I can see how the “moronic” moments could baffle you at first, but when you step back and think about it, how can we not see that these are played for comedy?

Do we really think that Ridley Scott and his producers and writers and actors don’t see the idiocy in playing with a snake in space, while calling it a “beautiful girl”? During the long months of bringing the movie to screen – through the storyboarding and the re-writes and the read-throughs,etc.etc. – nobody realized that, “Hey, this is not the way any rational person would think and act.” And then he gets mouth-fucked.

Do we think nobody saw the idiocy and the humor of being rolled over by a giant space ship? Not landed on, but slowly rolled over.

What happened to our sense of humor? Can there not be humor in a horror movie or science fiction movie? That’s why I say that we deserve Cabin in the Woods, which wears its intentions on its sleeves and does our thinking for us. We need to take a step back and lighten up.

Kurt Halfyard
Admin

One can understand that they were aware of humour in the writing, but in light of Alien, Aliens and Alien3, one might question why they chose to put that sort of ‘aw shuck’s we’re havin’ a larff here’ tone to something like PROMETHEUS. If it’s intentional, it’s kind of a baffling choice.

My attempts to rationalize things is that the Alien universe (all 4 of the ‘anthology’ films) were built on two principles of a dystopia-future: Cynicism and Irony. Right out of the gate with Brett & Parker arguing over shares, all the way on up to the ‘stoopid scientists’ 200 years later still working on ‘bio-weapons’

Now this irony is not lost in Prometheus, with the ‘Engineers’ (or Titans, or Creators, or Gods or whatever) also developing the Alien as a bio-weapon, and also losing control of things. Neither is the cynicism lost in Prometheus when you have scientists that aren’t caring about science so much as ‘getting-paid’ (or getting high).

I agree that Cabin in the Woods is far to blunt in it’s execution. Turned me right off the whole enterprise.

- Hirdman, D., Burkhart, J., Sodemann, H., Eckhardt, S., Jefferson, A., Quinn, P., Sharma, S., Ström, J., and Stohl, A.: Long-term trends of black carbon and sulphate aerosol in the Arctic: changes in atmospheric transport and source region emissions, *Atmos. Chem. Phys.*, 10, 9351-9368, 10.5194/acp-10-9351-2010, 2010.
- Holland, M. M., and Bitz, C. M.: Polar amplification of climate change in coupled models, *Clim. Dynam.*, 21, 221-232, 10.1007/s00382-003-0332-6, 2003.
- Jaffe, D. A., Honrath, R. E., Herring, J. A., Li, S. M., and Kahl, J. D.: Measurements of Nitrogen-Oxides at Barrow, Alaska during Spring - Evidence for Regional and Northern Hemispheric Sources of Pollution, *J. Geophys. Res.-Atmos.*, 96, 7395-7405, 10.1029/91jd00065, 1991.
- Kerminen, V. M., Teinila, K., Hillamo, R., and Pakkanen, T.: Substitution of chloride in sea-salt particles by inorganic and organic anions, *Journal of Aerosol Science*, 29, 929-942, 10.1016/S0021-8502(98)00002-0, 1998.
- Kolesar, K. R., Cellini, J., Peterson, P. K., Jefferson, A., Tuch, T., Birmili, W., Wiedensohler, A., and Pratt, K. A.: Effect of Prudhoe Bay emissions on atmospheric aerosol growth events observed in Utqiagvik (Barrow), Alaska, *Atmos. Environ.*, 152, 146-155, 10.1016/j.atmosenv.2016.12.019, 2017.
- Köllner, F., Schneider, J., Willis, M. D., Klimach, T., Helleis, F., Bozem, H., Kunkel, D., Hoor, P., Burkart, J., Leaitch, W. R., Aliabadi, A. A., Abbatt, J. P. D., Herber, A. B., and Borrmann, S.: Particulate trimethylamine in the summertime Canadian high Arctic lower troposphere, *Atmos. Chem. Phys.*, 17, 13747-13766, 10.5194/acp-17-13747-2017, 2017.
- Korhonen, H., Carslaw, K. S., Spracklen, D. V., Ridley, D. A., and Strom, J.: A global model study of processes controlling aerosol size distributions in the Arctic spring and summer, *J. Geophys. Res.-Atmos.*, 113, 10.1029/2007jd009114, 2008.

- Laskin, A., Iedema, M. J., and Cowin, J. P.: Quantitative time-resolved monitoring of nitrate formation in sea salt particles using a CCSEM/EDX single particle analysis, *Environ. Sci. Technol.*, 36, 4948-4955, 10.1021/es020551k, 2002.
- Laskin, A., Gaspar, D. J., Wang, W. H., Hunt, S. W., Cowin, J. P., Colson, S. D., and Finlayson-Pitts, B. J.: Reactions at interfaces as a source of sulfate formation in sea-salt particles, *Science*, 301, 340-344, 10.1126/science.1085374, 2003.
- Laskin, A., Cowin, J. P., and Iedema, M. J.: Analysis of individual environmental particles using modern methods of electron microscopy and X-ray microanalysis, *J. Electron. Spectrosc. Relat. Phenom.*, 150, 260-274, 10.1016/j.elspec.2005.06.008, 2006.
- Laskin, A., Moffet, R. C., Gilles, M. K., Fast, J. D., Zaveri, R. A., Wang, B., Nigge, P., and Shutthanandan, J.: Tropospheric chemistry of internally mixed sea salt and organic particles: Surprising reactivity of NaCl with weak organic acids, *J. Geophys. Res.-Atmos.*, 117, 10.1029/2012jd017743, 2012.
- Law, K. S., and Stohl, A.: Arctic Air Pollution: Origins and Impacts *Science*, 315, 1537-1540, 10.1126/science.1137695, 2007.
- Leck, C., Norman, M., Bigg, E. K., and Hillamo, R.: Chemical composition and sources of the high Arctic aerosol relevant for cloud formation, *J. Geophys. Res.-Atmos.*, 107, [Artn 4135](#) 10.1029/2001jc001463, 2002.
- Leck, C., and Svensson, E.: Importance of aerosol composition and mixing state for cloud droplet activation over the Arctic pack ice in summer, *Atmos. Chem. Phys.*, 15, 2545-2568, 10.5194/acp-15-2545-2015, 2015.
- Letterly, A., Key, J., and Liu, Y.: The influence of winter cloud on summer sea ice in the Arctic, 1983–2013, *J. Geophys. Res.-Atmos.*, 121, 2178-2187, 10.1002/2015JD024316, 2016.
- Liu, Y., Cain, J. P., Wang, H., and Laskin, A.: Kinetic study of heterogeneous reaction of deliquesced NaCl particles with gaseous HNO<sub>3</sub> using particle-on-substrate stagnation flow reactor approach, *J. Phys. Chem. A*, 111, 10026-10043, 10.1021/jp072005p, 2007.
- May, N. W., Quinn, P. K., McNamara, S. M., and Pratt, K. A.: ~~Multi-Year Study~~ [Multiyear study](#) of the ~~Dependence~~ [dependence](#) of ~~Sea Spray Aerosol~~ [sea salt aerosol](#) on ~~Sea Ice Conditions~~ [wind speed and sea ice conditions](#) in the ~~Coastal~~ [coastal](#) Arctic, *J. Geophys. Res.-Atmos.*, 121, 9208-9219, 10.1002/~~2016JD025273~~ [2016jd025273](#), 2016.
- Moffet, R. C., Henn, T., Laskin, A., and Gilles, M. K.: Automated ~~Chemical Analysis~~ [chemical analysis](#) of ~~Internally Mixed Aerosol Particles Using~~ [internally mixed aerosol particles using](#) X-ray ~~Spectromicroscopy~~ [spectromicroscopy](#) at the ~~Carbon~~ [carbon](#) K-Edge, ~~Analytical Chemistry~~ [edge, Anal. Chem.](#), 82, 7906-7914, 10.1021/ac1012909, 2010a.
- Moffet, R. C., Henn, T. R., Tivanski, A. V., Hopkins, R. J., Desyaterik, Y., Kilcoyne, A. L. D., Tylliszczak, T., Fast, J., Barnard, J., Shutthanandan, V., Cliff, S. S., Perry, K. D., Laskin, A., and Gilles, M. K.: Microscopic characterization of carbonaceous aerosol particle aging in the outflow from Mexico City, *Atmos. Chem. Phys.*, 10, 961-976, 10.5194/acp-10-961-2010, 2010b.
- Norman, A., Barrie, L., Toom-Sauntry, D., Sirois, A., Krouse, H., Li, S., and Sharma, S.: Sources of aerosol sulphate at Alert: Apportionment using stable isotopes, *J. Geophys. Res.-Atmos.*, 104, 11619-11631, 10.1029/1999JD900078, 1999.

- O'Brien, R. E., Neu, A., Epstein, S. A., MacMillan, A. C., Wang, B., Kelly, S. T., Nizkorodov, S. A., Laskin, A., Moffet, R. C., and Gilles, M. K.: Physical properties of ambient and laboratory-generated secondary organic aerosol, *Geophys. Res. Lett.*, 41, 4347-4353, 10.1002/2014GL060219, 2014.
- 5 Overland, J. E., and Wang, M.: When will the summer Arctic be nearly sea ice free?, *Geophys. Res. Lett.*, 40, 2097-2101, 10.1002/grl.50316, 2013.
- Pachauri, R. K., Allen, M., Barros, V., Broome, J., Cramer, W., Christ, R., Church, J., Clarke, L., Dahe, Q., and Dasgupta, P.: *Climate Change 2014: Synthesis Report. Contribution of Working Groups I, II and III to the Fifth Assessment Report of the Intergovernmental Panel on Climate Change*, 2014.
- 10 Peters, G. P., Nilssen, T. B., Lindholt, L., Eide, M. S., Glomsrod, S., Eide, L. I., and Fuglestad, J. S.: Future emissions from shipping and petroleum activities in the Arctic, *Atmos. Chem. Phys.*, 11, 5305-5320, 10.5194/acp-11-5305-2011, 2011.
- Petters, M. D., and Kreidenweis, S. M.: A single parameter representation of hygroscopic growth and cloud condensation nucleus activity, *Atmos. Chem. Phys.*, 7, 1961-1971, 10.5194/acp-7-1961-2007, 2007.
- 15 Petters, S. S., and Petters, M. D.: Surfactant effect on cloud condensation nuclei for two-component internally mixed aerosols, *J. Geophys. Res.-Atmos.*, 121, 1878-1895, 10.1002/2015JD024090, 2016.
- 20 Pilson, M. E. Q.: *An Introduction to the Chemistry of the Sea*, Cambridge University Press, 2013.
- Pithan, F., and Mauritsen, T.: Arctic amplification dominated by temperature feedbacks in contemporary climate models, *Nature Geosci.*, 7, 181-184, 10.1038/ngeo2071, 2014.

Jericho Slim
Guest

There are funny moments in all of the Alien movies, every single one of them. And there are funny moments in horror films – I can’t tell you the last horror film I saw that didn’t have comedy in it.

Something can be funny and terrifying, it’s not an either or proposition.

Just think to the dialogue in that scene, and the pratfall the actor does, and how he talks to it like a little girl or puppy dog, even after it opens up. You couldn’t write or read or direct that scene without knowing that it has a comic element. Any person over the age of 5 would know that it’s stupid to approach that thing.

antho42
Guest

The problem is not that the film does not answer questions or that it is ambiguous, the problem is that the characters are slaves to ‘blunt” questions that script demands and the cinematic movements that the director demands.

The film also has major tonal problems. Throughout the film, the tone shifts dramatically, and not in a good way (i.e., Korean Cinema). At times there are great movements, but, overall, it does not work as a cohesive whole.

I went from 4 out 5 to a 2 out 5 rating.

Cody Lang
Guest

Antho I agree with you completely, and with Jericho Slim about their being doses of comedy in the other Alien films. Alien 3 had some very funny moments and the same with Alien as well. But, in Alien, the tone never shifted dramatically, the comedy worked with what we knew about the characters whereas in Prometheus the comedy comes off as either cliched or as forced. The film lacks the coherency as well but I think the last act does a good enough job at wrapping everything up. I wouldn’t give it a 2 out of 5, but maybe a 2.5 out of five. I think Prometheus deserves a passing grade.

Matt Gamble
Guest

The problem is strained humor isn’t funny. It’s pathetic. Plus, the Laurel & Hardy bits come across as even more strained and obvious when compared to the Idris scenes where it feels far more organic, and, you know, funny.

Cody Lang
Guest

Agreed. Stringer Bell was excellent in the film and his lines were great as well. But, the other attempts at humor were feeble and should have been cut from the film.

Jericho Slim
Guest